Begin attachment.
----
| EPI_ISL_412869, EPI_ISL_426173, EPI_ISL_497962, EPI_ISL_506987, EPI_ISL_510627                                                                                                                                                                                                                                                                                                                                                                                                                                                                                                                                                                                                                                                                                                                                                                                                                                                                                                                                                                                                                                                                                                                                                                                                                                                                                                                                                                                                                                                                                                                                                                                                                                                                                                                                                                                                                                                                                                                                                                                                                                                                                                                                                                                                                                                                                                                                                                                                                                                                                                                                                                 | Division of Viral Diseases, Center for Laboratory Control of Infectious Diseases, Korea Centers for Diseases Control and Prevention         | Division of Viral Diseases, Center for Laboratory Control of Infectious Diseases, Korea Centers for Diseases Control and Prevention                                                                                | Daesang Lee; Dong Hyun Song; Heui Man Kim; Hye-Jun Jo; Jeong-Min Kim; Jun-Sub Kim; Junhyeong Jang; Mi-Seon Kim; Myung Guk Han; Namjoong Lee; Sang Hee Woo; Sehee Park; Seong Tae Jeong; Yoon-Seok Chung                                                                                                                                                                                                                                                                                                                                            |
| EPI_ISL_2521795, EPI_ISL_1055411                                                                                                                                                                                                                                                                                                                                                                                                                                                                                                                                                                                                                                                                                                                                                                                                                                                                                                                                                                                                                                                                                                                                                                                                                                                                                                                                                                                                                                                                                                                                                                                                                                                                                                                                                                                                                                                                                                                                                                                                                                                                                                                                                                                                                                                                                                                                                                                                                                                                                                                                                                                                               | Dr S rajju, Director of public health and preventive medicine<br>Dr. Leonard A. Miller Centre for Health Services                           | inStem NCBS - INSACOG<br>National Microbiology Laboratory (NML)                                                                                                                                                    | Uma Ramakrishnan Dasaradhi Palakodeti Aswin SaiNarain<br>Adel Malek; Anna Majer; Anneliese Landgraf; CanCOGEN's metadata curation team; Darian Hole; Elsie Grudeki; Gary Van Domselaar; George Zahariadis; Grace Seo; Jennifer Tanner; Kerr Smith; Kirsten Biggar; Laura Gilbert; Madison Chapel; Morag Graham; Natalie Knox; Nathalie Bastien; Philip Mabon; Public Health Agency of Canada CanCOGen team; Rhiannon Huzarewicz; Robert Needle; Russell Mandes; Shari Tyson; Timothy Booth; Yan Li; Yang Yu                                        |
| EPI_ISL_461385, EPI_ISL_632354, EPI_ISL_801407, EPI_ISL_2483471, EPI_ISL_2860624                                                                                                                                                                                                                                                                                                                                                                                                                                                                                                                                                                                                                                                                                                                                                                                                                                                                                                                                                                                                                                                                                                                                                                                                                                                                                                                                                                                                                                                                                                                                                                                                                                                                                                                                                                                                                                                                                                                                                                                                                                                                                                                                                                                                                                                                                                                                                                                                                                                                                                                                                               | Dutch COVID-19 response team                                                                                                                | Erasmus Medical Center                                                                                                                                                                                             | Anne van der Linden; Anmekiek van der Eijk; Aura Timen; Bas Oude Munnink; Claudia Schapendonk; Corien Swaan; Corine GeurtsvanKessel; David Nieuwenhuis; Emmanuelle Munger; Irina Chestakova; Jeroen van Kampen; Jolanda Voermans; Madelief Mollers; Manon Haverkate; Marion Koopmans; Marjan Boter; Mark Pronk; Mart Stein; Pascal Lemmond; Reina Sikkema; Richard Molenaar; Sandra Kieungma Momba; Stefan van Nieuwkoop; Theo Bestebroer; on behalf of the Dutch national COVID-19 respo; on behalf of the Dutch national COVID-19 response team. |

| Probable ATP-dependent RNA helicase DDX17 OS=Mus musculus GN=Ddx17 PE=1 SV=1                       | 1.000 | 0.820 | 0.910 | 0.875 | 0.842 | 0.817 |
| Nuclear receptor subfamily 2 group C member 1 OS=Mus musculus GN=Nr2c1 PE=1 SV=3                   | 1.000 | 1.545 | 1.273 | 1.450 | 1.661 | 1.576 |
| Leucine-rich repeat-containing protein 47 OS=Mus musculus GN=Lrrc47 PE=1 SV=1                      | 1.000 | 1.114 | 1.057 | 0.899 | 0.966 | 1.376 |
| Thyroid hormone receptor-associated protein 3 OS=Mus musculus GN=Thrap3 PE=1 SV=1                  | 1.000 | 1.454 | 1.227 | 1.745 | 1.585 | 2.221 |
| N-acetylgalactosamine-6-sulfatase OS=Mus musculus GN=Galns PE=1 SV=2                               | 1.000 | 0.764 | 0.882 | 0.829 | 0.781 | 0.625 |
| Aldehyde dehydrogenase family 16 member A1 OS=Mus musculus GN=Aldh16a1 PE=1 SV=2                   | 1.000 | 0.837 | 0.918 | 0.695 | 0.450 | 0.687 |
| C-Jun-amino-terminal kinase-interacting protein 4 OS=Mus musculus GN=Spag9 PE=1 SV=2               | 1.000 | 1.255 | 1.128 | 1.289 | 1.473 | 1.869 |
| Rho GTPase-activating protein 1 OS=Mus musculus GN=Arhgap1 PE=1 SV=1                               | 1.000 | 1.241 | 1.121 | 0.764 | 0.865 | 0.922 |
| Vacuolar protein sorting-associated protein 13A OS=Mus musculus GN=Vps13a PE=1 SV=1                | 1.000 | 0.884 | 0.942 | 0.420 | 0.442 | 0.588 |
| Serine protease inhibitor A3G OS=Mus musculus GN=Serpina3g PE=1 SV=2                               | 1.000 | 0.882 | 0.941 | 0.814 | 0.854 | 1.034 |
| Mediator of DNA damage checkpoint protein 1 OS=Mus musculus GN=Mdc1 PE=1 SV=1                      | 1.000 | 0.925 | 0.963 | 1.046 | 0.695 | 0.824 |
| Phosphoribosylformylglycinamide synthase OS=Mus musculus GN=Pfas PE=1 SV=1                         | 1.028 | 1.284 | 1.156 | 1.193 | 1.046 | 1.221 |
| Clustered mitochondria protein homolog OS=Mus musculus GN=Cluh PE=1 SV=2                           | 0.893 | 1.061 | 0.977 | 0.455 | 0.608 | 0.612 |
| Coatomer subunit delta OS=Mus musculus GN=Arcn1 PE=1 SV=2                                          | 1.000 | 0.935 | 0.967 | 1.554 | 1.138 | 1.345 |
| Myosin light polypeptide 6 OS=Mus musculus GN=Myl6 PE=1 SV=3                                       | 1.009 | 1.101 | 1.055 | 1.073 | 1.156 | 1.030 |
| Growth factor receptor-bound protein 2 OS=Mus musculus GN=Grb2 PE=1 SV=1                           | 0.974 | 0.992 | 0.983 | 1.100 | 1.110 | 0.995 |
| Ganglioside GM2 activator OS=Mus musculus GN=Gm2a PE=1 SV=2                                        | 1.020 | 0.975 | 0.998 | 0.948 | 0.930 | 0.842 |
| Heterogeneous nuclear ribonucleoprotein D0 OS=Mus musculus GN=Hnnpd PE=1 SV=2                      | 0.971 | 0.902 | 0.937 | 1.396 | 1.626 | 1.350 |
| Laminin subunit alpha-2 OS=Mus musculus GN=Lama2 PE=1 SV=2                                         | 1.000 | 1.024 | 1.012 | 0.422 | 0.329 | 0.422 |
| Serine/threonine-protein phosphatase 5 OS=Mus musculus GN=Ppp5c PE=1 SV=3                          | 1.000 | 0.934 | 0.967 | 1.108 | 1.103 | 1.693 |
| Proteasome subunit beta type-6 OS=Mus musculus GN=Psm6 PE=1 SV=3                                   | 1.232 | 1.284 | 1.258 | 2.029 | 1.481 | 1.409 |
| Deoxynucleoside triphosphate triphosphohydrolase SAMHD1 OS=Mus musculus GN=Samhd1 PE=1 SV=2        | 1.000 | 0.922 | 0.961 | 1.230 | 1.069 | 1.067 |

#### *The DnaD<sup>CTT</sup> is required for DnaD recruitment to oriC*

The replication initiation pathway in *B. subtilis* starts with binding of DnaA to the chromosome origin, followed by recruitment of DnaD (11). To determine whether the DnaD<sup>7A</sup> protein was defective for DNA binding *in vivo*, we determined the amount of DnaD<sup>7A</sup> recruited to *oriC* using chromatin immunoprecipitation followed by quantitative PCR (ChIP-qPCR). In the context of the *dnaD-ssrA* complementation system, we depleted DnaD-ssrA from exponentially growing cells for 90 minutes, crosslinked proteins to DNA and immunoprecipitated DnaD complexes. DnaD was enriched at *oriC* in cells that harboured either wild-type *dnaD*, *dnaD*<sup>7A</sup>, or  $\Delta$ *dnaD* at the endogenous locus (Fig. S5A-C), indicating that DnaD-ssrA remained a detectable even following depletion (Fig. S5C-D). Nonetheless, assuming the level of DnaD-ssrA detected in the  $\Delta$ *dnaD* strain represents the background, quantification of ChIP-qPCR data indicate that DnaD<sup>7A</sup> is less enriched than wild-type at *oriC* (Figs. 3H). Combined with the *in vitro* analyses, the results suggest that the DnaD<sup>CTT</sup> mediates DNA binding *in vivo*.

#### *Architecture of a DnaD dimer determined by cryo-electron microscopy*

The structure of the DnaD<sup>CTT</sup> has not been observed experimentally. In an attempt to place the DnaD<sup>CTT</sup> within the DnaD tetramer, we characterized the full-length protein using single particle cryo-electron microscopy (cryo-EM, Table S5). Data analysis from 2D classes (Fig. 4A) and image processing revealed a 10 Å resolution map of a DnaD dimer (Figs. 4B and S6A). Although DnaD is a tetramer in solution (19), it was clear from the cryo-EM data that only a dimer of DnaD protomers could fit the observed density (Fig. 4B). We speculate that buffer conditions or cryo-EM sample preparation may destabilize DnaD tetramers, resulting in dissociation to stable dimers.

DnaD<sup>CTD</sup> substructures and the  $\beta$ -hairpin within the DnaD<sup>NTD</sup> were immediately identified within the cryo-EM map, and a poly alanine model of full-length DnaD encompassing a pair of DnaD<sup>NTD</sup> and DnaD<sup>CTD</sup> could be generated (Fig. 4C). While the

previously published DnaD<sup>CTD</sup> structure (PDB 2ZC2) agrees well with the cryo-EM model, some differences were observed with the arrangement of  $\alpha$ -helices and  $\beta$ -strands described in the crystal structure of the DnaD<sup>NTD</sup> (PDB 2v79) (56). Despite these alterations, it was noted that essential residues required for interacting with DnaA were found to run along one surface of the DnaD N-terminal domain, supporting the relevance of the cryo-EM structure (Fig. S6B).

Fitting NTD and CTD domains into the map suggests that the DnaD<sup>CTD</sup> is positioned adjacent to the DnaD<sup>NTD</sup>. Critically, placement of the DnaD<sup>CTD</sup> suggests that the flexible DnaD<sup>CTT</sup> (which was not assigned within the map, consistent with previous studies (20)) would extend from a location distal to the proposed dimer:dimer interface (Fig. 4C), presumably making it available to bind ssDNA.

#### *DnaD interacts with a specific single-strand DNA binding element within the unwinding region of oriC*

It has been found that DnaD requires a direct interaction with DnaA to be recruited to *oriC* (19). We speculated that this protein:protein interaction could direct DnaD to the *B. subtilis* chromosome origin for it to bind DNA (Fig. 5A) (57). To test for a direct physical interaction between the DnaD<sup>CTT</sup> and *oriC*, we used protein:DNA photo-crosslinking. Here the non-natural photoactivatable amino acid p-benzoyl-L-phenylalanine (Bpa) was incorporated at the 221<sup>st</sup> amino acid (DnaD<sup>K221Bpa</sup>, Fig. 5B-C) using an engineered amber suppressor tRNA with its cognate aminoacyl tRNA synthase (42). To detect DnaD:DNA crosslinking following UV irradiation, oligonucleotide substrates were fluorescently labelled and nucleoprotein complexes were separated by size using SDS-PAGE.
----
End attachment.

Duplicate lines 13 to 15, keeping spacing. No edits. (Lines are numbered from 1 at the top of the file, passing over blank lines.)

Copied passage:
| Serine protease inhibitor A3G OS=Mus musculus GN=Serpina3g PE=1 SV=2                               | 1.000 | 0.882 | 0.941 | 0.814 | 0.854 | 1.034 |
| Mediator of DNA damage checkpoint protein 1 OS=Mus musculus GN=Mdc1 PE=1 SV=1                      | 1.000 | 0.925 | 0.963 | 1.046 | 0.695 | 0.824 |
| Phosphoribosylformylglycinamide synthase OS=Mus musculus GN=Pfas PE=1 SV=1                         | 1.028 | 1.284 | 1.156 | 1.193 | 1.046 | 1.221 |